A Spell of Winter

THE BOOK:

408888.jpgSimon, formerly of The Readers, recommended this book. It was the first ever winner of the Orange Prize in 1996, although it is now called the Women’s Prize. It is a gothic novel, which is not something I usually read. Gothic literature contains death and decay, haunted homes or castles, family curses, madness, powerful love and romance, and ghosts, or vampires. While there were no vampires here, the ghost wasn’t a ghost at all, simply an absent  family member, albeit an important one. Cathy and Rob are teenage brother and sister, two years apart, living with their aging grandfather on a rundown estate in the English countryside. The siblings know very little about their parents, only that their mother deserted them and lives somewhere on the continent and their father is in a sanitarium. Under the circumstances it’s no wonder that Cathy and Rob forge a close relationship. Even thought I could sense where the plot was heading, I was still surprised when it happened. The historical context (1914) intervened as Europe entered WWI, and things changed for everyone. The kindly servant Kate went back to Ireland. Rob left for the war, and Cathy found a way to eke out a living on the estate, learning to plough and mend fences and live off the land as she cares for her grandfather. I didn’t anticipate the ending, but I was very happy with it. If all gothic novels end this way, perhaps I’ll read some more!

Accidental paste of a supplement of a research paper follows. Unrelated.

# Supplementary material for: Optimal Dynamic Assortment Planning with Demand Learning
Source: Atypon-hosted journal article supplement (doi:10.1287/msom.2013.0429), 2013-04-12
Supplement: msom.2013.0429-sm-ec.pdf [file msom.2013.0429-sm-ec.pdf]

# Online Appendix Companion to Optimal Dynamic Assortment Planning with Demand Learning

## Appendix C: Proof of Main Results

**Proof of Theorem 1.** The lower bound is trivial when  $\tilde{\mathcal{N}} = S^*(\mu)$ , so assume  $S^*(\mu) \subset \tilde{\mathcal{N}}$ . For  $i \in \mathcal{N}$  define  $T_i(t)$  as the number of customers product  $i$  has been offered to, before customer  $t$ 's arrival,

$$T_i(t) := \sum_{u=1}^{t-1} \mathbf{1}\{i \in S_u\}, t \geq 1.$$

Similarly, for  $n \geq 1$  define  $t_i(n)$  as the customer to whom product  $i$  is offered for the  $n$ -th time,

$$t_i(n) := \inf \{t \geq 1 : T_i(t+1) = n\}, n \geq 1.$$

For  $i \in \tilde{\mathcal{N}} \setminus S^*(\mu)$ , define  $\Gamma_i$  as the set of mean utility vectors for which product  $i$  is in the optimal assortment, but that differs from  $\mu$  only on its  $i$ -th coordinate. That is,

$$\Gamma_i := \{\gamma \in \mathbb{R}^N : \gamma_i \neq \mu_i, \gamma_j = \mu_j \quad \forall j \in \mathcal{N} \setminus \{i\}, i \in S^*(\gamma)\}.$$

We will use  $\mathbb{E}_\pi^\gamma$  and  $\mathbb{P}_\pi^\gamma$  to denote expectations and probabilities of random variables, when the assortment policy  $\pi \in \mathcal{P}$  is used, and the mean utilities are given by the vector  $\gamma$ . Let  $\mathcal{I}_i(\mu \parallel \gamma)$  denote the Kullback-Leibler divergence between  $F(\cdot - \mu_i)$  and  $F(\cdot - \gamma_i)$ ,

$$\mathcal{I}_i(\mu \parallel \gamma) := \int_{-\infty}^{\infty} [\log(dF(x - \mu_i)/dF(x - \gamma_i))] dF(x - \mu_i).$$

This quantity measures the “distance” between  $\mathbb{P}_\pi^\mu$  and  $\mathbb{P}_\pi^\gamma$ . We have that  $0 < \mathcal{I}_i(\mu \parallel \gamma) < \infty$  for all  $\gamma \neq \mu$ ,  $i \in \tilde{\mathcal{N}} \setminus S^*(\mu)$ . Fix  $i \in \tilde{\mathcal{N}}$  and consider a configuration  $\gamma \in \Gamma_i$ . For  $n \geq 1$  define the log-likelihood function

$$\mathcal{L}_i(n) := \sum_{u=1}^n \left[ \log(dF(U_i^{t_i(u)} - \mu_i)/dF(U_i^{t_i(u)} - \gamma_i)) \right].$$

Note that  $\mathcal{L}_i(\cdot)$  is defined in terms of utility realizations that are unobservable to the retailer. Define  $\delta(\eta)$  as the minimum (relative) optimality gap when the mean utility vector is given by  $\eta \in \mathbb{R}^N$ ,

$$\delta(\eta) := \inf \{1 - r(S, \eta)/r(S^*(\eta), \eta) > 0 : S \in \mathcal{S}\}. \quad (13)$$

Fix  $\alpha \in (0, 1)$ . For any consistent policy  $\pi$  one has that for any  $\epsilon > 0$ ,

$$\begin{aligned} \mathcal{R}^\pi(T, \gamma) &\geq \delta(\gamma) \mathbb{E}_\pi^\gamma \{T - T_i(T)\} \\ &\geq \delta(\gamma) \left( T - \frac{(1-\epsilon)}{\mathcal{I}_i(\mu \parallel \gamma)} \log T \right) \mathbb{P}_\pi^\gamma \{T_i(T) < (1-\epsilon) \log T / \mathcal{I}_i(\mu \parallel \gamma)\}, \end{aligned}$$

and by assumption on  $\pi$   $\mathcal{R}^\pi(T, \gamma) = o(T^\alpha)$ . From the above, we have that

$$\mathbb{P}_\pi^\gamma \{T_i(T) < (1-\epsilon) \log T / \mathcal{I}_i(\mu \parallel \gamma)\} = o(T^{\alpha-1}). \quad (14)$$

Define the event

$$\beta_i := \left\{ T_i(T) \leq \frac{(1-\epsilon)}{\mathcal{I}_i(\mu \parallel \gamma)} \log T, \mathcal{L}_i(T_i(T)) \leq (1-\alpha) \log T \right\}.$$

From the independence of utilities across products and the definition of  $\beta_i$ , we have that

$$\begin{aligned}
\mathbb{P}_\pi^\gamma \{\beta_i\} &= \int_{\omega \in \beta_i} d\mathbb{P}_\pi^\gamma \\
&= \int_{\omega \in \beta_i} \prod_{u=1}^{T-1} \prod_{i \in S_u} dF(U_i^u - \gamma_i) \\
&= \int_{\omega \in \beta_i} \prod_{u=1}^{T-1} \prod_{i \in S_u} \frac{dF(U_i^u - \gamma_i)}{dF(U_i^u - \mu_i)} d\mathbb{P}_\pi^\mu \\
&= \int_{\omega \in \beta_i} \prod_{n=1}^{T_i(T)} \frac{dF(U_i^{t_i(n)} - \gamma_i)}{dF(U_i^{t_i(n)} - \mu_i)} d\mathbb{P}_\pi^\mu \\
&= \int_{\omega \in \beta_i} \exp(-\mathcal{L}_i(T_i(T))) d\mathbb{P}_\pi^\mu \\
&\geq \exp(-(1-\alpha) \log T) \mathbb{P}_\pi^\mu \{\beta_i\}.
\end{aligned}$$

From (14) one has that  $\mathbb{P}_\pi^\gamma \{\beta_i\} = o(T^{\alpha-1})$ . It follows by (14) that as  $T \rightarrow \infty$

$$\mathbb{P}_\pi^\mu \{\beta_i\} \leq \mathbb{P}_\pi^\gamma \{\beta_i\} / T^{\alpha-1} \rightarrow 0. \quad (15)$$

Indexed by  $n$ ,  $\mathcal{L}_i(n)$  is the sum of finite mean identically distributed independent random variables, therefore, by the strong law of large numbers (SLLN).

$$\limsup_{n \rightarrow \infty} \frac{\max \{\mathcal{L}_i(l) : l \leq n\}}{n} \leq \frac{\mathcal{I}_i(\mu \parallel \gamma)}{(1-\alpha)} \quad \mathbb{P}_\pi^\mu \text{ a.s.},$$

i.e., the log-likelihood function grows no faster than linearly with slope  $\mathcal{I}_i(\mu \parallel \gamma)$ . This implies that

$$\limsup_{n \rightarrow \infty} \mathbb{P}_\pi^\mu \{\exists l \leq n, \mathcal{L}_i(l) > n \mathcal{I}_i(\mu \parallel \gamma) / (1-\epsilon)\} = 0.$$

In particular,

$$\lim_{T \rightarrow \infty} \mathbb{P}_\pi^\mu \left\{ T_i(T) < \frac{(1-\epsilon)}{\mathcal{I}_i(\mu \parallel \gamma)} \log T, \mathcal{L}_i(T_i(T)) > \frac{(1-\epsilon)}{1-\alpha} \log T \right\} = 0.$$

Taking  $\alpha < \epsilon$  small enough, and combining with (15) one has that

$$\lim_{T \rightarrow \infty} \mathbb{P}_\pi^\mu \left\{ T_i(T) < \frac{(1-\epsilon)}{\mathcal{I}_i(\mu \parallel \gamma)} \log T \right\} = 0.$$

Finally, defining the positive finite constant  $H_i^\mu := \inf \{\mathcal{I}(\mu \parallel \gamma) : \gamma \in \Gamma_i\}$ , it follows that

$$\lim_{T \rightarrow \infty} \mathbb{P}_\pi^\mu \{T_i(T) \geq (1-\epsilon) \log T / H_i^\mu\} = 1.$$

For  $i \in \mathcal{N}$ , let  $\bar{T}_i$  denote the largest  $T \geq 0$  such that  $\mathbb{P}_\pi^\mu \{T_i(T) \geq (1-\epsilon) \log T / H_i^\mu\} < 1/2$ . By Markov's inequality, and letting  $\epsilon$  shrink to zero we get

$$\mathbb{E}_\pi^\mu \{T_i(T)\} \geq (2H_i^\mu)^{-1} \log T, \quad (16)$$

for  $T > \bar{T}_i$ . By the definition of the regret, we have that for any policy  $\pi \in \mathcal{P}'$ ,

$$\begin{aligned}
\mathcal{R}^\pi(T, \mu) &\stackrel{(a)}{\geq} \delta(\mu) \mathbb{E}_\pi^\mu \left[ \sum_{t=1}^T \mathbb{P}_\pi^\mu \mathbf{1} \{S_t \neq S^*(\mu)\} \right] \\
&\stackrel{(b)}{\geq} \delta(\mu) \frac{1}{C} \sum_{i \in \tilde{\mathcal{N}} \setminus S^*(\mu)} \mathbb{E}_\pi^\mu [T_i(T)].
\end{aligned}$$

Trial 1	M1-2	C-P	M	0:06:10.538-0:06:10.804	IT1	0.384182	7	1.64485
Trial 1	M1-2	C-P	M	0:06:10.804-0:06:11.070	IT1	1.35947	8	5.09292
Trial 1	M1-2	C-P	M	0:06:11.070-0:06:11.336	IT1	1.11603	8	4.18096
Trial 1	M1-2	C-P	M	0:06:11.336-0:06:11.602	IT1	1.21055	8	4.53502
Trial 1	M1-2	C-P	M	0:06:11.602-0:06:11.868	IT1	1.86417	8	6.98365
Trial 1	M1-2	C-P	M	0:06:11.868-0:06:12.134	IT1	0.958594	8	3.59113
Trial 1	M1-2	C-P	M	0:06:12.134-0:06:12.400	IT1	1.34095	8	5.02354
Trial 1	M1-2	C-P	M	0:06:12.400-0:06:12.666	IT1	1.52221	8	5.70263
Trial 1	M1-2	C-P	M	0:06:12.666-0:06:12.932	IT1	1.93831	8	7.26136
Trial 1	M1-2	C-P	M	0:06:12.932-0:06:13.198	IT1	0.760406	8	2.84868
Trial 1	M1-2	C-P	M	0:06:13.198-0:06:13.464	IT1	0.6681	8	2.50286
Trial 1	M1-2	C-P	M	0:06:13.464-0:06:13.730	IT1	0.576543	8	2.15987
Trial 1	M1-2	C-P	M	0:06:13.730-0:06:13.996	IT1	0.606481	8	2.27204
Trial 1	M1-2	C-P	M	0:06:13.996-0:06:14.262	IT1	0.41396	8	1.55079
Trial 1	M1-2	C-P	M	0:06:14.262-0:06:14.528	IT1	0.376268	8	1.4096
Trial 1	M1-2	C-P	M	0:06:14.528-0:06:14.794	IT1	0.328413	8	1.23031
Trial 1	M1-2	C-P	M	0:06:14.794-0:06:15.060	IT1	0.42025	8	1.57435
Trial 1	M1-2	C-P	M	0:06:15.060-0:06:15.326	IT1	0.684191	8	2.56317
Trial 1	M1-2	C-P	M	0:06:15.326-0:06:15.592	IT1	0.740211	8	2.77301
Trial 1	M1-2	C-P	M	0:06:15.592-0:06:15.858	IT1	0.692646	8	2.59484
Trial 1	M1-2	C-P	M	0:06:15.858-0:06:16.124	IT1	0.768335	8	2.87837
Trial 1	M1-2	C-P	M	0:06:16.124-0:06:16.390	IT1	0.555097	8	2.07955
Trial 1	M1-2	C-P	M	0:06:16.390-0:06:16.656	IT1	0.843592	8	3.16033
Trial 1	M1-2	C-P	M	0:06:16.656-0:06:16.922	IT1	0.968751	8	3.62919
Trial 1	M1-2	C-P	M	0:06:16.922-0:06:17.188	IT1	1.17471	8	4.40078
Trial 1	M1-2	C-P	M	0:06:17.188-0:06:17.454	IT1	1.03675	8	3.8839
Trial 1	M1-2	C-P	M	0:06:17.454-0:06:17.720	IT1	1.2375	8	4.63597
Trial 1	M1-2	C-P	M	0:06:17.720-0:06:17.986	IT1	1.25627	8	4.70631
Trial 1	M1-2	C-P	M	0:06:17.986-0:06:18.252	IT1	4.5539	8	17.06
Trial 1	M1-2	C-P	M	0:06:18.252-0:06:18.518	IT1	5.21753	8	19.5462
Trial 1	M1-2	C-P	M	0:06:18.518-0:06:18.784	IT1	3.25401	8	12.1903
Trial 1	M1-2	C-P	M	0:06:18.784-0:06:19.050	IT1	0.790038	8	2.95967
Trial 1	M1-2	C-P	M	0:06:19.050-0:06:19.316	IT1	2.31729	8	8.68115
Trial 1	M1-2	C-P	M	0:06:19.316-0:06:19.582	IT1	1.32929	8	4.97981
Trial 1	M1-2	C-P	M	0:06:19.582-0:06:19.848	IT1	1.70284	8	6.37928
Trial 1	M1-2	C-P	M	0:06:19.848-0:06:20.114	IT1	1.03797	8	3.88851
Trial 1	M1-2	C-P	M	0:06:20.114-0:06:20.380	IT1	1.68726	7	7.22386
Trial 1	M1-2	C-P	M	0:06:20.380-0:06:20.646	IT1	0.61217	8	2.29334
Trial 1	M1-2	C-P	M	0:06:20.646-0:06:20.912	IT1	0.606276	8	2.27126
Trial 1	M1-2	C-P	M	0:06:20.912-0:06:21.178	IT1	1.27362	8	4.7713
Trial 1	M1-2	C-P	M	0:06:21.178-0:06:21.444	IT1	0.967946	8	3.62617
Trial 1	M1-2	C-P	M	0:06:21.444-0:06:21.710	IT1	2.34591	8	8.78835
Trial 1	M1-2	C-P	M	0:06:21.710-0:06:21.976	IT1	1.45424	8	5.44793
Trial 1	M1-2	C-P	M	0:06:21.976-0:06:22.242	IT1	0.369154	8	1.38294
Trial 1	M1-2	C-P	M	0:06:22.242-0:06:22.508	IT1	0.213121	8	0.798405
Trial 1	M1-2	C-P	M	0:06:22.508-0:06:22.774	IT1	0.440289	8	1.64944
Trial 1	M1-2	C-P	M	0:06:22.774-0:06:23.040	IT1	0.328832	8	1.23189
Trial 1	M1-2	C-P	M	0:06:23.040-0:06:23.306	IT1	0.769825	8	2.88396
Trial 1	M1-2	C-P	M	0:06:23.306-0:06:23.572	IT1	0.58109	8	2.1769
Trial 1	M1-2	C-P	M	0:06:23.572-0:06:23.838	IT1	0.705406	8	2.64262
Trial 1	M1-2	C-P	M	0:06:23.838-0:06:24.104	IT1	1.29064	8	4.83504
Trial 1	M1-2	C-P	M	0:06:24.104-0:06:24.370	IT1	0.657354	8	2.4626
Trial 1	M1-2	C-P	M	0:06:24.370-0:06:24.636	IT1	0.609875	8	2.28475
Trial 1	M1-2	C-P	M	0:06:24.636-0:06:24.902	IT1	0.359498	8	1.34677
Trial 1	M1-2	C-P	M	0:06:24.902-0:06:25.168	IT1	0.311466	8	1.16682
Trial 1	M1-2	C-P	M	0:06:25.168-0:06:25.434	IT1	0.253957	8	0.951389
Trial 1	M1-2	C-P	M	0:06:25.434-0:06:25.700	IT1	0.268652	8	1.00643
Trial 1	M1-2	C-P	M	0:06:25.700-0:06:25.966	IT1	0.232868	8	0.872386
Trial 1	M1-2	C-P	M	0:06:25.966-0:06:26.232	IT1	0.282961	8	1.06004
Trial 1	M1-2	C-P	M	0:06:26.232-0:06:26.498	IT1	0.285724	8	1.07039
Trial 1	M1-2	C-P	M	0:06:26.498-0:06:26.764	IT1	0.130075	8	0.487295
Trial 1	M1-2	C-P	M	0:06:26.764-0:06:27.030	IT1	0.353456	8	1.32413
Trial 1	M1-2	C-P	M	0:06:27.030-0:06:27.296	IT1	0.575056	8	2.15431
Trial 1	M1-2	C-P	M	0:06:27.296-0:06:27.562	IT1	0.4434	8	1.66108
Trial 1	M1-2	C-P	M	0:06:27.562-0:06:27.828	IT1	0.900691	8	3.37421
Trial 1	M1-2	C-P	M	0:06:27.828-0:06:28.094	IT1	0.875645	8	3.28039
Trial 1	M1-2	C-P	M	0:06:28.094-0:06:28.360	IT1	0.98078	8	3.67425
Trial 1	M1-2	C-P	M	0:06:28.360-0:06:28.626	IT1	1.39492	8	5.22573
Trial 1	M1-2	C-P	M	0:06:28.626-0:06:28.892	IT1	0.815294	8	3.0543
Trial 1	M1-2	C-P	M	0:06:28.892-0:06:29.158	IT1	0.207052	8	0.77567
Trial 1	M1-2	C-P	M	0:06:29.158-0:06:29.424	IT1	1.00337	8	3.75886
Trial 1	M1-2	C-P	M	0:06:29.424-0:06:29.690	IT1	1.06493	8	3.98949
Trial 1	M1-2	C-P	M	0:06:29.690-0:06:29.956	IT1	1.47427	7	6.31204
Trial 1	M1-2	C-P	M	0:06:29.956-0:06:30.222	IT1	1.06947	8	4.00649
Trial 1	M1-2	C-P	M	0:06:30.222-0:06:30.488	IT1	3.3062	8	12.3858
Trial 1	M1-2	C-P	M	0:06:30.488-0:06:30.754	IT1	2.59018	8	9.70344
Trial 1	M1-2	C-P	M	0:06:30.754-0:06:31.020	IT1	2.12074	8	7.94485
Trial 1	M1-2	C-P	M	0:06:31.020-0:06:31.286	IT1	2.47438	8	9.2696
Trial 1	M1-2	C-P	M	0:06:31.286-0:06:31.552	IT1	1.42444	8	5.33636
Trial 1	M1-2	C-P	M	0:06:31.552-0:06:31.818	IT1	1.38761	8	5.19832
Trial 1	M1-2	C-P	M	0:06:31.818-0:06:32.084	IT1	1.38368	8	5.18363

THE BEAUTY:

Catherine had so much knowledge of the natural world and her descriptions of her surroundings were loving and observant. She could name the many flowers in the countryside and knew the special uses for each one. Every time she mentioned a wildflower, I looked it up to have a visual. These are just a few of the ones mentioned in the book.

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Top to bottom, left to right: speedwell, rock rose, kidney vetch, wild thyme

THE FOOD:

Catherine was self-sufficient during the war, managing the fields until she could no longer keep up with the work, or afford to pay for help. She fed herself and her grandfather by bartering with the neighbors and growing herbs in her garden, that she and the wizard, a local man man skilled in preparing herbal medicines, used in their concoctions. One of the herbs she grew was sage. Sage is high in antioxidants, and may support lowering blood sugar and cholesterol levels. The Latin word for sage, salvia, stems from the word “heal.” When sage is burned it releases negative ions which puts people in a positive mood. It is used by Native Americans to smudge their domiciles, spreading smoke from the burning sage to release negative energy. I used a sage tea as the centerpoint of an afternoon tea, including some savory and some sweet snacks.

IMG_1334Pictured are the savory snacks: spanakopita, mini quiches and salmon toasts, and of course, the sage tea. Not pictured are the sweets: madeleines with homemade raspberry jam.

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